50 Cities of the U.S.A.: Explore America’s Cities with 50 Fact-Filled Maps by Gabriella Balkan
Once I brought this book into the classroom, I could not get it back. It is hugely popular with fifth graders. This book is packed with information about cities in our country. The colors and the visuals are appealing and the layout makes it fun to read. The thing I like most about this book is that it isn’t your usual information about the states. Instead, a variety of cities (not necessarily capitals) are included with interesting information that is unique to the city.
C is for Chickasaw by Wiley BarnesEarly this year we enjoyed the book Mission to Space by John Herrington, an astronaut and citizen of the Chickasaw Nation. After reading the book, students had several questions about the Chickasaw Nation, so I ordered C is for Chickasaw to add to our collection. This is an alphabet book packed with information that may correct misinformation our students might have. The format makes it engaging and allows readers to learn a great deal about the topic in a short time. This is a good book for read aloud or independent reading.
Grand Canyon by Jason Chin
This book won NCTE’s Orbis Pictus Award, an award for Outstanding Nonfiction for Children. It features expository writing, but the artwork includes a story, making it well suited for a broad range of readers. Packed with information, this is a book readers can return to again and again to learn more.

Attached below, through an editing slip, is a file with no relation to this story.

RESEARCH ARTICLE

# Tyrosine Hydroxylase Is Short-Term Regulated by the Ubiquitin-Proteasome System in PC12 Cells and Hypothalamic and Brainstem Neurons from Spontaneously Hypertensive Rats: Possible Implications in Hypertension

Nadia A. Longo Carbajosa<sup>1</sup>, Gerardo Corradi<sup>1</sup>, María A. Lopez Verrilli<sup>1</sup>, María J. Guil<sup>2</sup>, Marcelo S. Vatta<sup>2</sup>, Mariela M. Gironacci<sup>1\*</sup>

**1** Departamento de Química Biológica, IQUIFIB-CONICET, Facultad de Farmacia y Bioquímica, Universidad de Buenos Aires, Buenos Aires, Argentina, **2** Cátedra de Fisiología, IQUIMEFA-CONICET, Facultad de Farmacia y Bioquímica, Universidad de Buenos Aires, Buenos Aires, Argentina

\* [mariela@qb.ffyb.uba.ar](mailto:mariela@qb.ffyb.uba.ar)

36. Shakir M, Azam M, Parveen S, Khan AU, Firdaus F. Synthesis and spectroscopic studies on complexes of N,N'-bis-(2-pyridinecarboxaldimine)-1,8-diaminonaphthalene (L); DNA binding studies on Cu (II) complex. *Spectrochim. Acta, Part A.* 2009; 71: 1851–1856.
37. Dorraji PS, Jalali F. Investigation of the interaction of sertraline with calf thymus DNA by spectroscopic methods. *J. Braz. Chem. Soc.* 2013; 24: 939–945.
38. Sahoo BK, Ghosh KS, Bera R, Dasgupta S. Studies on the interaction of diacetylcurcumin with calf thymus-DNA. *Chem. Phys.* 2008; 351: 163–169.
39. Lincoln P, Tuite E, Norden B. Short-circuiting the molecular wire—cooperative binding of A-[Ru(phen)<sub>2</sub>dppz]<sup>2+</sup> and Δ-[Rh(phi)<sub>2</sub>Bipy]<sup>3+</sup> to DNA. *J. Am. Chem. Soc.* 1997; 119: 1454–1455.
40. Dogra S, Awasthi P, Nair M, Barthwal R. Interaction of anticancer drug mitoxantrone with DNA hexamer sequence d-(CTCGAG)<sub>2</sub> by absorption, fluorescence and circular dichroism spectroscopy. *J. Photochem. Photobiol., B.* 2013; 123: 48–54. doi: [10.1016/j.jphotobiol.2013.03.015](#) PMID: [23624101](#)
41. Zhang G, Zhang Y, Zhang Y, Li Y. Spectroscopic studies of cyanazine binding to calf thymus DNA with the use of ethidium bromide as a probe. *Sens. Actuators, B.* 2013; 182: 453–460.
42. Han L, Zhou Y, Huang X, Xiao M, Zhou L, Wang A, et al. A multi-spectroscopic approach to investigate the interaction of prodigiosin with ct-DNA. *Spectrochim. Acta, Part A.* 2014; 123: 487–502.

Stormy Seas: Stories of Young Boat Refugees by Mary Beth Leatherdale
This is book, intended for older elementary readers, is a combination of narrative and expository writing styles. It includes stories of five refugees--children who escaped their countries by sea--as well as expository sidebars and fact boxes. This topic is timely and this book is a bit more in-depth than other picture books for this age.
So many fifth graders enjoy fractured fairy tales by Leisl Shurtliff, Christopher Healy, Sarah Mlynowski and others. This nonfiction picture book lets readers know that the things we might know about being a princess from stories and movies may not be true. It compares princess life as we may visualize it with the real truth. It is a fun book, and I can see it being enjoyed by readers of all ages.
Franki Sibberson currently teaches fifth grade in Dublin, Ohio. She has worked in elementary schools for over 25 years as a classroom teacher, a Reading Support Teacher, a curriculum support teacher, and a school librarian. Franki’s books include Digital Reading: What’s Essential in Grades 3-8 (NCTE), Beyond Leveled Books (Stenhouse), Still Learning to Read (Stenhouse), Day-to-Day Assessment in the Reading Workshop (Scholastic), and The Joy of Planning (Choice Literacy). She blogs regularly at A Year of Reading and she is also a regular contributor to Choice Literacy. Franki Sibberson is currently President-Elect of NCTE (National Council of Teachers of English)